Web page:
Helen Eells: A New Life
A New Life
Published January, 2011
Helen’s father died on October 12, 1911, a few days before her seventh birthday. Her mother sold the farm on July 2, 1914, and took the children to live with relatives in an elegant mansion at 123 Edgewood Ave., a short steep brick street on the east side of what is now UCSF Medical Center. The household consisted of Helen, her great-aunt, her grandmother, her mother, her aunt, her older sister, Margaret, and her younger sister, Harriet—seven females in three generations supported financially by the wealthy great-aunt. Quite a change from the nuclear family on the farm. In the summer of 1915, when Helen was 10 years old she went to the Panama Pacific International Exposition.
“We had season tickets of course, because that’s the way my aunts always behaved. But to get there…to go off Edgewood Avenue was a chore in itself, then you take number 6 streetcar, and then you had to change at Grove to the number 22 streetcar. And you got off at the top of Fillmore Street, and you took a cable car down the steepest streets I’ve ever seen in my life. Well of course, the people would be all standing straight, and they started over the hill. And then everybody was smashed to the bottom of the streetcar, of course, going down, with all on top of each other. And with my family, who couldn’t bear anyone to touch them, and thought everybody was a rapist! Aunt Allie [Helen’s great-aunt] would be screaming at the top of her lungs, ‘STOP THAT SIR!’ And, ‘Mercy on us!’ And Little Auntie [Helen’s aunt] would be saying, ‘Oh, Allie, please don’t talk like that!’ And, ‘Helen where are you?’ And I’d be smashed to smithereens, by the time we got down, I think it was three hills, but it may have been two. And then we straightened out again, and everybody straightened themselves up, and started walking back into the car, and trying to pretend they’d never been off balance and lost their dignity. But that’s how we got to the fair. And then when you came home, it was the other way, going up that hill. Of course everybody was still in the same place, down at the bottom. But it was a different kind of feeling, going up. Oh man, those days!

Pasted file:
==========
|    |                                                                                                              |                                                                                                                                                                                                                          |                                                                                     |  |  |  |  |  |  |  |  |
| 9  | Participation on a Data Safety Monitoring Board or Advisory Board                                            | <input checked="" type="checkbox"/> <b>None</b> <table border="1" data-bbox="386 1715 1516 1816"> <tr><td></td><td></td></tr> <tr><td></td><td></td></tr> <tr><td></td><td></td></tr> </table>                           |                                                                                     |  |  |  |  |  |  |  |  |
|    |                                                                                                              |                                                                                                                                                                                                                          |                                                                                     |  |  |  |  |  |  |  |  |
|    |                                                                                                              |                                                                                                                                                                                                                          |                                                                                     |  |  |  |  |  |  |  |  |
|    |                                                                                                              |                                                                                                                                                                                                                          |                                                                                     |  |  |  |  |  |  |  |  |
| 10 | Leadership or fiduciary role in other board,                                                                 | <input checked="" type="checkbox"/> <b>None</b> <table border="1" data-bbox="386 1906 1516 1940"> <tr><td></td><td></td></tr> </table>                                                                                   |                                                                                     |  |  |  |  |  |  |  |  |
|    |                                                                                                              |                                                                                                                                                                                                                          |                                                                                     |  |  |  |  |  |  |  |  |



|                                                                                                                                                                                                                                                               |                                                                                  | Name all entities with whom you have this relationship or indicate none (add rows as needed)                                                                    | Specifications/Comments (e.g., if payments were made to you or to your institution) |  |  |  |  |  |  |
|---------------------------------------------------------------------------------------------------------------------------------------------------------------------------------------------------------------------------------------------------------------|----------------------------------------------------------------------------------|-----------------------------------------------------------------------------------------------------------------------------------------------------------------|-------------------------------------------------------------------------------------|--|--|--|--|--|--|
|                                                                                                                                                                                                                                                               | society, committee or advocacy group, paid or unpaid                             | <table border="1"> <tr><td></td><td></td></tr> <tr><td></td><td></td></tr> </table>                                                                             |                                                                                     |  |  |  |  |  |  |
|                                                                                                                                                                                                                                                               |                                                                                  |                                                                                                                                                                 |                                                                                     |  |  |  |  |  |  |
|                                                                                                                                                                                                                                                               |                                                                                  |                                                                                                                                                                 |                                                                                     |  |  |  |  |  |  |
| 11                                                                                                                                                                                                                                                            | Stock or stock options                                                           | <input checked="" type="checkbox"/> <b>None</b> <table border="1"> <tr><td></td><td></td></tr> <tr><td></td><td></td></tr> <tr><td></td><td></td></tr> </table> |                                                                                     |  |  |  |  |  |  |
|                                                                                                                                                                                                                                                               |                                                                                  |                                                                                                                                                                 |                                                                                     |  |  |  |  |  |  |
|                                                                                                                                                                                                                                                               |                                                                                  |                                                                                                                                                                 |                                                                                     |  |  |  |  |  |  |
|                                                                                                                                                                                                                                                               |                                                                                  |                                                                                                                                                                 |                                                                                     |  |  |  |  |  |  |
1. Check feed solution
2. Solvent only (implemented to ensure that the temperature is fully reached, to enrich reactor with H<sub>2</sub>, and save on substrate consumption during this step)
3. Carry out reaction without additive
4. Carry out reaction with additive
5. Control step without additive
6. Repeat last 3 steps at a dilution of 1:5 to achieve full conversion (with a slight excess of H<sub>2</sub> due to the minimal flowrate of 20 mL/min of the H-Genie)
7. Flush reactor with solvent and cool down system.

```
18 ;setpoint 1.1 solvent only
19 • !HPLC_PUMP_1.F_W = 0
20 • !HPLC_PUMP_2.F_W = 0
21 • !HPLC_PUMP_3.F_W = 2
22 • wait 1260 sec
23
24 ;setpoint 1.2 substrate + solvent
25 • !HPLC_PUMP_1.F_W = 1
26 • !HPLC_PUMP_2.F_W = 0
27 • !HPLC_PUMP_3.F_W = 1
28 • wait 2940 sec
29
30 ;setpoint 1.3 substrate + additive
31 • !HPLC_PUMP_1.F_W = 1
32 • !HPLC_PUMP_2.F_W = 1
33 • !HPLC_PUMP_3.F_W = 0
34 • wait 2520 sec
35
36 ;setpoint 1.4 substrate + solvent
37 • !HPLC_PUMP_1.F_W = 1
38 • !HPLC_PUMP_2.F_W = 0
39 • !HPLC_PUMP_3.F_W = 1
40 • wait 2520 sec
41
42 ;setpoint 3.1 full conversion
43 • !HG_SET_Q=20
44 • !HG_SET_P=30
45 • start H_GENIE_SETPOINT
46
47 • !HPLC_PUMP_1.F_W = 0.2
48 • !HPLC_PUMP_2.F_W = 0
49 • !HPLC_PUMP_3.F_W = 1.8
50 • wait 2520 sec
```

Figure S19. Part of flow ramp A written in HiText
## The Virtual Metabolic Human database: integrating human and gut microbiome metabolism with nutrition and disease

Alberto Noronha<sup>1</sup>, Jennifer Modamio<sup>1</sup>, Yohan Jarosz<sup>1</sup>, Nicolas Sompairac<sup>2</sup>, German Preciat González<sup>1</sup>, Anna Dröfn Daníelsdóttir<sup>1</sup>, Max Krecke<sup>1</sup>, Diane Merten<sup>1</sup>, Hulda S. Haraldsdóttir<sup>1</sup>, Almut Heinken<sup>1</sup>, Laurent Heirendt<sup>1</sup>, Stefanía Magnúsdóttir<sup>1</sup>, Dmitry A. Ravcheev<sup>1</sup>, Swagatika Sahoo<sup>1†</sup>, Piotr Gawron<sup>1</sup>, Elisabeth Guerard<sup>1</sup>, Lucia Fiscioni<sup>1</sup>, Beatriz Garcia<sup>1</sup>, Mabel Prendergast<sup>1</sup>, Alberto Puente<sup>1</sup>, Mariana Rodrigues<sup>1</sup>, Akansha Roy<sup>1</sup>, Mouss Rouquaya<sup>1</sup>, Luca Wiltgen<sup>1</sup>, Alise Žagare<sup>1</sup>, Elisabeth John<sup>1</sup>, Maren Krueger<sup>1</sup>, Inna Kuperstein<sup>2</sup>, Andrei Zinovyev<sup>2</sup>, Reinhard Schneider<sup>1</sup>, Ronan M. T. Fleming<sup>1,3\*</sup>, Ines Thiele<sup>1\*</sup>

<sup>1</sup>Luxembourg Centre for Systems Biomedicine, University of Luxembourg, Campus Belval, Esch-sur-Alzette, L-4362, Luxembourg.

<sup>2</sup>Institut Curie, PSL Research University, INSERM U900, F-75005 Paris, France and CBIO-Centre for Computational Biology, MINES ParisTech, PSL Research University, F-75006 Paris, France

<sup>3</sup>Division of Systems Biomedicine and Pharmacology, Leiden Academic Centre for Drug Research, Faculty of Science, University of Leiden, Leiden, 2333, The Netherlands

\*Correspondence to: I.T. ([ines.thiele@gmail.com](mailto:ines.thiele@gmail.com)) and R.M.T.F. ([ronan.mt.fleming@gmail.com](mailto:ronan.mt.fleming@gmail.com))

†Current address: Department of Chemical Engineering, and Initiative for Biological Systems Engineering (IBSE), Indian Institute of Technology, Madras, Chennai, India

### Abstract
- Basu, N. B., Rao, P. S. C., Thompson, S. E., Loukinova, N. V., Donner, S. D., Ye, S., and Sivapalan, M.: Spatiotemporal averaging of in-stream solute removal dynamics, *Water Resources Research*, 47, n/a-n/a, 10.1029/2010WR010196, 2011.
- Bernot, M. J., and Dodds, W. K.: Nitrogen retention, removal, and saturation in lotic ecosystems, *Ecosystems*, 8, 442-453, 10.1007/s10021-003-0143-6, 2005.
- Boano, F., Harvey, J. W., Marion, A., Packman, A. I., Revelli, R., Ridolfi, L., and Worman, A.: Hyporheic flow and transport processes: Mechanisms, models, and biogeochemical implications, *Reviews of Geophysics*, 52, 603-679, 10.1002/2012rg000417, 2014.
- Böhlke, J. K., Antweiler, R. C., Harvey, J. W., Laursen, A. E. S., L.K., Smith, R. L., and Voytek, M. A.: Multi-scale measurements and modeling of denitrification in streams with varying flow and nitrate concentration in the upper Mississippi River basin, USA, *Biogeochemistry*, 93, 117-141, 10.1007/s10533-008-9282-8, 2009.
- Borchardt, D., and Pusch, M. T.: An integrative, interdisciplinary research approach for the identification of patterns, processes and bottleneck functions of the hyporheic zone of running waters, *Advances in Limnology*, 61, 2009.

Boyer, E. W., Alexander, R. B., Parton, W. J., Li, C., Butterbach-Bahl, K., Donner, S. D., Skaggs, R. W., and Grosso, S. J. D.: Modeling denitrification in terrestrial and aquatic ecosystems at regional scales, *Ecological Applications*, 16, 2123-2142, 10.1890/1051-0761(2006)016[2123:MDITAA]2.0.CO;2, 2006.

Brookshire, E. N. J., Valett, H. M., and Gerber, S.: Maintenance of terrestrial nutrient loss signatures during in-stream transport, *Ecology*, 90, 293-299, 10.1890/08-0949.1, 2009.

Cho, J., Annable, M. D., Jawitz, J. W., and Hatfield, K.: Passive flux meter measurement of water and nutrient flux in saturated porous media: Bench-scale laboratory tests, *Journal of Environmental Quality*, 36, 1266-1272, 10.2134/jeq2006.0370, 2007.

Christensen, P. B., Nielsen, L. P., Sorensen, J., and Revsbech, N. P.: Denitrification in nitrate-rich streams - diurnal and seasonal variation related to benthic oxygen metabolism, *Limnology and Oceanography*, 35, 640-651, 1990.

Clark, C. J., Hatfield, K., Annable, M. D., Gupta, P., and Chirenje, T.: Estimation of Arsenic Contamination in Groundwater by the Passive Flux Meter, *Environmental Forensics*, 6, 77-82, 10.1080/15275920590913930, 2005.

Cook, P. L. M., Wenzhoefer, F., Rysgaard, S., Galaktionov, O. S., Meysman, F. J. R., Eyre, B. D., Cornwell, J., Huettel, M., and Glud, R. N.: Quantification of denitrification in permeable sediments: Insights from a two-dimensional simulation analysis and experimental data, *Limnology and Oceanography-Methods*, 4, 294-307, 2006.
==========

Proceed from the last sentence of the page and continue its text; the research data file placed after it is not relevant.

“But when we got to the fair, don’t think we weren’t having a wonderful time. Oh! It was the most beautiful fair! You know we still have the Palace of Fine Arts to show you what kind of architecture it was. Then there were the courts, about three courts that were done by Maybeck, and Stackpole, and all the good artists of our time, and interior and exterior decorators. It is really said to be the most beautiful fair that was ever shown. It was like Fairyland, it was so beautiful. In the middle of one of the beautiful courts was Sousa, you know. He played his wonderful, wonderful band of military music, all afternoon, really.”
If you have comments or questions about this article or other topics
pertaining to the history of Homestead Valley,
please feel free to e-mail Chuck Oldenburg.